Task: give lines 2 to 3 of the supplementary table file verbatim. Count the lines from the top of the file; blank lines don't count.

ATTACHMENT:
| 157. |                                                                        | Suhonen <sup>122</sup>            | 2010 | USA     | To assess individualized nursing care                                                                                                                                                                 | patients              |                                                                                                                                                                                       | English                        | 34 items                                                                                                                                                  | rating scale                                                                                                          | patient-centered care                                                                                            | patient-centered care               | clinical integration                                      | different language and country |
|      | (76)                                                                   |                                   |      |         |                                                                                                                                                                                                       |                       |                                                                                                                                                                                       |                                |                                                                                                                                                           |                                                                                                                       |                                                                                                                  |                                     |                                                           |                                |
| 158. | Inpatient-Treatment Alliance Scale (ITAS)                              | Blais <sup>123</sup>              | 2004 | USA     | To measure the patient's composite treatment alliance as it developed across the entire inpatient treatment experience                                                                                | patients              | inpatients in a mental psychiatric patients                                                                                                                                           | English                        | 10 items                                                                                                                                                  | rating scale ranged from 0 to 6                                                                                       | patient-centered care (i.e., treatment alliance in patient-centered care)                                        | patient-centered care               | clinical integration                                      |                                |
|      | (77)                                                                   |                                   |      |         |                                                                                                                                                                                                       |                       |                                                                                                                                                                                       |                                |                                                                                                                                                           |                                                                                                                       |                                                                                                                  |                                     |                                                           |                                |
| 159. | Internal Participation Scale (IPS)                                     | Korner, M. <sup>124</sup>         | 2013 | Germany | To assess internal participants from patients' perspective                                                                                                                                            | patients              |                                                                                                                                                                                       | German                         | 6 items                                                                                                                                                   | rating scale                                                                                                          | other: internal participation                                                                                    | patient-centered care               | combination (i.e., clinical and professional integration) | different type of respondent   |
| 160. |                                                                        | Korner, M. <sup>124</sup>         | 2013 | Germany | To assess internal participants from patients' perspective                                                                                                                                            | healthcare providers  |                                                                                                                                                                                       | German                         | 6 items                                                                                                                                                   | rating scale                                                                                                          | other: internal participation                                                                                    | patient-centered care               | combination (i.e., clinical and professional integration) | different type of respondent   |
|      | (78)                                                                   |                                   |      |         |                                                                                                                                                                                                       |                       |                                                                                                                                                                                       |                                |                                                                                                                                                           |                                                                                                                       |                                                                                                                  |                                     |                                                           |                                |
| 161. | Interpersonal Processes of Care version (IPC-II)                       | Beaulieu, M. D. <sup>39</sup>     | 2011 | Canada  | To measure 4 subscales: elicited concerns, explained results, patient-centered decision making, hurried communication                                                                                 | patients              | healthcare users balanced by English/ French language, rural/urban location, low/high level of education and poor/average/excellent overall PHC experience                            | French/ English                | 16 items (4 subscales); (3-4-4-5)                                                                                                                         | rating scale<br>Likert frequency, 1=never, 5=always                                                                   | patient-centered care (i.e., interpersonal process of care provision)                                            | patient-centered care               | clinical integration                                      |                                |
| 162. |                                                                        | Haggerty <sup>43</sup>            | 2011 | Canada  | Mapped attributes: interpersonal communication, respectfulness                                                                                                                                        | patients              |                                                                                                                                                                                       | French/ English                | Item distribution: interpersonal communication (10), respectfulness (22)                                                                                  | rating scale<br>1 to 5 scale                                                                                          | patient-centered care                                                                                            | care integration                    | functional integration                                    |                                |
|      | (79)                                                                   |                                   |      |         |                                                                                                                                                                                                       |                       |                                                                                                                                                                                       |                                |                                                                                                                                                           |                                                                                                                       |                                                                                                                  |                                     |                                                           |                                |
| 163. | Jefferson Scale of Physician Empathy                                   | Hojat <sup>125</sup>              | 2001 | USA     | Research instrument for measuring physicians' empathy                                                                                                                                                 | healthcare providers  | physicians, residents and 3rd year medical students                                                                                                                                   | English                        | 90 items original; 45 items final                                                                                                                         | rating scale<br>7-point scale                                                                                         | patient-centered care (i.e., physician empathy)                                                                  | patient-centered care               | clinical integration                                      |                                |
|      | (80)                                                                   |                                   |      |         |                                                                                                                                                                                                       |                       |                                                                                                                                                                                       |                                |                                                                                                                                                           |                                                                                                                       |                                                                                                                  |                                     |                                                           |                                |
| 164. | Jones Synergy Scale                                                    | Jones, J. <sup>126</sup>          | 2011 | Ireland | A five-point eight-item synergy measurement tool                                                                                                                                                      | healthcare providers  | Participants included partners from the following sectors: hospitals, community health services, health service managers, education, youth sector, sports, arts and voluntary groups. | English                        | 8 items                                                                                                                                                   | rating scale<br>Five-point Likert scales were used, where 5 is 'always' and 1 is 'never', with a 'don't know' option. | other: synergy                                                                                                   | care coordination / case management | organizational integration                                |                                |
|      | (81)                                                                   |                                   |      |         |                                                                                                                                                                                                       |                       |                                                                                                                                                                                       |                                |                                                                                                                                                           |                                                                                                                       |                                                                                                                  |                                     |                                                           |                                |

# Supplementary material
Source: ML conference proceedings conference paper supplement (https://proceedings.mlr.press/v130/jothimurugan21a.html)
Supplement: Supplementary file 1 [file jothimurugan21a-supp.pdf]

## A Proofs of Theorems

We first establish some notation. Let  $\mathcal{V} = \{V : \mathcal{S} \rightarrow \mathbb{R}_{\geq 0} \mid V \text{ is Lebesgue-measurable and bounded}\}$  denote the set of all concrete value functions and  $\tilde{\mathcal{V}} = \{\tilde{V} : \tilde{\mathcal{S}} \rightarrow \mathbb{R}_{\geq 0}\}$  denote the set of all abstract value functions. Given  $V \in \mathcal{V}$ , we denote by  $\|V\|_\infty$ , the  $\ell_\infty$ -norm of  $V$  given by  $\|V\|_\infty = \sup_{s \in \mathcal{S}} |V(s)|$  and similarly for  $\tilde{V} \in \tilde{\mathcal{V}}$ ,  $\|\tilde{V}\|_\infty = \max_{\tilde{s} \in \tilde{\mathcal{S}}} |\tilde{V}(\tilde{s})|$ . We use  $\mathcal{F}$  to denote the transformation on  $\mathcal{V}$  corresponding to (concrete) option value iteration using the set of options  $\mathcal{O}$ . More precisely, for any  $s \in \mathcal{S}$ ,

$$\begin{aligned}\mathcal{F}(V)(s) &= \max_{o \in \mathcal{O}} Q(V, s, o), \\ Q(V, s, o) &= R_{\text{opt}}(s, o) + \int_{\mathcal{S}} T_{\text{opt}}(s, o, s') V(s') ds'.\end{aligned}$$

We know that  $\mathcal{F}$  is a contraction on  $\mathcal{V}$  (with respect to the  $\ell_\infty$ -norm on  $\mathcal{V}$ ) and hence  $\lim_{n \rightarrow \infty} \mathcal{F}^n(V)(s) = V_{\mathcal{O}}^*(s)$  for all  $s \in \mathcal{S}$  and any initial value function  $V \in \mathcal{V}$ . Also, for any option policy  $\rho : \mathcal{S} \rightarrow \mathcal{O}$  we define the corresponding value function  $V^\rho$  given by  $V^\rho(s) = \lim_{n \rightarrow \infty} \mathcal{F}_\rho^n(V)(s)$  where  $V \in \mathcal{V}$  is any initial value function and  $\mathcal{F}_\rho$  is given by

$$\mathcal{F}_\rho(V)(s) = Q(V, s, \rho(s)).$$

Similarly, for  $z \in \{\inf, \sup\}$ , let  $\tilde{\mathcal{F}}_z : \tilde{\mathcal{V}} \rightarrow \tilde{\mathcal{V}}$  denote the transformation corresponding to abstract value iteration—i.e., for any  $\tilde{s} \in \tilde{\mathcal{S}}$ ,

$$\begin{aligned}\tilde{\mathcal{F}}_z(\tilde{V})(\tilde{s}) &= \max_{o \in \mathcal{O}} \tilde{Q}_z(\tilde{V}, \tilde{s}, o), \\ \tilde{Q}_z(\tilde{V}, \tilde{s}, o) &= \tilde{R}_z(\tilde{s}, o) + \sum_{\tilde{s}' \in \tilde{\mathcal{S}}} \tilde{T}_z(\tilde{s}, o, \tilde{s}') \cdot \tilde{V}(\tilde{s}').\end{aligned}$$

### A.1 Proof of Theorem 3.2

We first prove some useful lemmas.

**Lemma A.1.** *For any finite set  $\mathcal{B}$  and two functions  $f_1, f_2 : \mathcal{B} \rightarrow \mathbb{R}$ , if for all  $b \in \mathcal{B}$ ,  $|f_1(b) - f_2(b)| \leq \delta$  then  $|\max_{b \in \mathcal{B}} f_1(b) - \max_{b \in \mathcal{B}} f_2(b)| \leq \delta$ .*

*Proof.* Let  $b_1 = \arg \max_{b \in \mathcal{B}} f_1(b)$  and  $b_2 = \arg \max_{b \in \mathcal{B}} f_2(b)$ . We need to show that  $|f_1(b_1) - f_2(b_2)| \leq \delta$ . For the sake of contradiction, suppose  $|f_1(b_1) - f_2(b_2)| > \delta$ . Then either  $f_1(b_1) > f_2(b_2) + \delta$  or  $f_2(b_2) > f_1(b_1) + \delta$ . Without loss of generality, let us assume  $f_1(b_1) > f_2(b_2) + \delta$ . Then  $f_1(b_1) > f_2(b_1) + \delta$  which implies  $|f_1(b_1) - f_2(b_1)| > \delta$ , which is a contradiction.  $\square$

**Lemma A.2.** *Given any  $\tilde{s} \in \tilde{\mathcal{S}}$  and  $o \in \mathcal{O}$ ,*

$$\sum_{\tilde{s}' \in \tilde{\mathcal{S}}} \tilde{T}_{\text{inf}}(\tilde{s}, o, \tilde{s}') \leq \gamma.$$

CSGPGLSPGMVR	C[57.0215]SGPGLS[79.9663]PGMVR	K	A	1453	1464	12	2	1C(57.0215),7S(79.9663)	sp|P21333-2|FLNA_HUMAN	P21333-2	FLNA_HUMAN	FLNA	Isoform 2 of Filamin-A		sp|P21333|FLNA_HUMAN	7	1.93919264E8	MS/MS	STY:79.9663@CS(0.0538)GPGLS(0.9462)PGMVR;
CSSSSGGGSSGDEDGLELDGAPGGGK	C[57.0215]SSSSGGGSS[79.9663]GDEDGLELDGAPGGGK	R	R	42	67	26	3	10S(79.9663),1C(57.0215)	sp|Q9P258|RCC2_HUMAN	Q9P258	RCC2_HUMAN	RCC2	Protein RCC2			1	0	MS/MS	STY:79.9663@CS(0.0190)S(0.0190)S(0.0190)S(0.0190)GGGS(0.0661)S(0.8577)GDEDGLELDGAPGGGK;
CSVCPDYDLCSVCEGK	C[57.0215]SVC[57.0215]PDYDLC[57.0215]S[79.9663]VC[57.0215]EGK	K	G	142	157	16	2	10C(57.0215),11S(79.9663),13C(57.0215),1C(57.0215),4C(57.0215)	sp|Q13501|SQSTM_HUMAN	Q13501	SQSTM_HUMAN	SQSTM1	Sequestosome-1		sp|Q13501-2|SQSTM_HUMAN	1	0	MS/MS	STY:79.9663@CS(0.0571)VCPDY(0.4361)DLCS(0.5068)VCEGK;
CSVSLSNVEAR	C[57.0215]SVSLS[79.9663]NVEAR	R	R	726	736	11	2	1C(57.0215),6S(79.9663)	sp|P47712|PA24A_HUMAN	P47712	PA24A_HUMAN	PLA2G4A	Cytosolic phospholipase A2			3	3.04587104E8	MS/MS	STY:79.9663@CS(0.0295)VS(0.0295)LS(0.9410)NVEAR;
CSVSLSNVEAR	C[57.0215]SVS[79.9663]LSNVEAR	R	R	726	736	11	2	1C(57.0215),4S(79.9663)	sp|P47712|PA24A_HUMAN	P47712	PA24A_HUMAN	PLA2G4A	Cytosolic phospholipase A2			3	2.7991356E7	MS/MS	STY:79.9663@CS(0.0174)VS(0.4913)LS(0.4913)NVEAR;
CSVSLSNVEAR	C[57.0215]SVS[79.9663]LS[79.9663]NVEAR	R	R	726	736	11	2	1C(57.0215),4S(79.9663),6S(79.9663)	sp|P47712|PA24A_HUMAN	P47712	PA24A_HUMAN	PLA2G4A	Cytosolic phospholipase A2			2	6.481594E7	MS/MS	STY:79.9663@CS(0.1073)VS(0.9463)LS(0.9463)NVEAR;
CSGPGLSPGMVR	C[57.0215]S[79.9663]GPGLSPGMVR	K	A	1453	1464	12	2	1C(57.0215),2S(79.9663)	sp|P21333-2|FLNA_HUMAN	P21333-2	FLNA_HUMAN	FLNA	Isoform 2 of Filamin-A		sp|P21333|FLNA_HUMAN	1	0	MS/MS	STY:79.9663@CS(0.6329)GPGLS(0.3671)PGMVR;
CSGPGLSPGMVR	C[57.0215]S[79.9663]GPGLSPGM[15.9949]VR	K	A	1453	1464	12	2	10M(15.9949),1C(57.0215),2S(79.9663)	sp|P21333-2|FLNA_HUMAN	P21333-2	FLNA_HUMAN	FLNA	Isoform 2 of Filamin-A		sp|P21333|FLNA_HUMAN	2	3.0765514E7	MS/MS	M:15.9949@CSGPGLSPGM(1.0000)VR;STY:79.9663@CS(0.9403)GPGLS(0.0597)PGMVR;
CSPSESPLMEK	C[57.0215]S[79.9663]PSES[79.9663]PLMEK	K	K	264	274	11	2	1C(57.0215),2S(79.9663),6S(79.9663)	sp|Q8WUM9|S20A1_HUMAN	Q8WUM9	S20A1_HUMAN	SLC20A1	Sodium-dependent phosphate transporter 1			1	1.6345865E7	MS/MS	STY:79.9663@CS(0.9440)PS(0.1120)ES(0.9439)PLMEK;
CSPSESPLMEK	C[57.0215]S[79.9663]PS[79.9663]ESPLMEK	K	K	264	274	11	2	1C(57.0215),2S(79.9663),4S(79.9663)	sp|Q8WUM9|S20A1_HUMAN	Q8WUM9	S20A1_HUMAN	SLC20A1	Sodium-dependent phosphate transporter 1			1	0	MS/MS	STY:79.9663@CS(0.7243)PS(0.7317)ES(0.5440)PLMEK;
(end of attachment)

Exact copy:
|      | (76)                                                                   |                                   |      |         |                                                                                                                                                                                                       |                       |                                                                                                                                                                                       |                                |                                                                                                                                                           |                                                                                                                       |                                                                                                                  |                                     |                                                           |                                |
| 158. | Inpatient-Treatment Alliance Scale (ITAS)                              | Blais <sup>123</sup>              | 2004 | USA     | To measure the patient's composite treatment alliance as it developed across the entire inpatient treatment experience                                                                                | patients              | inpatients in a mental psychiatric patients                                                                                                                                           | English                        | 10 items                                                                                                                                                  | rating scale ranged from 0 to 6                                                                                       | patient-centered care (i.e., treatment alliance in patient-centered care)                                        | patient-centered care               | clinical integration                                      |                                |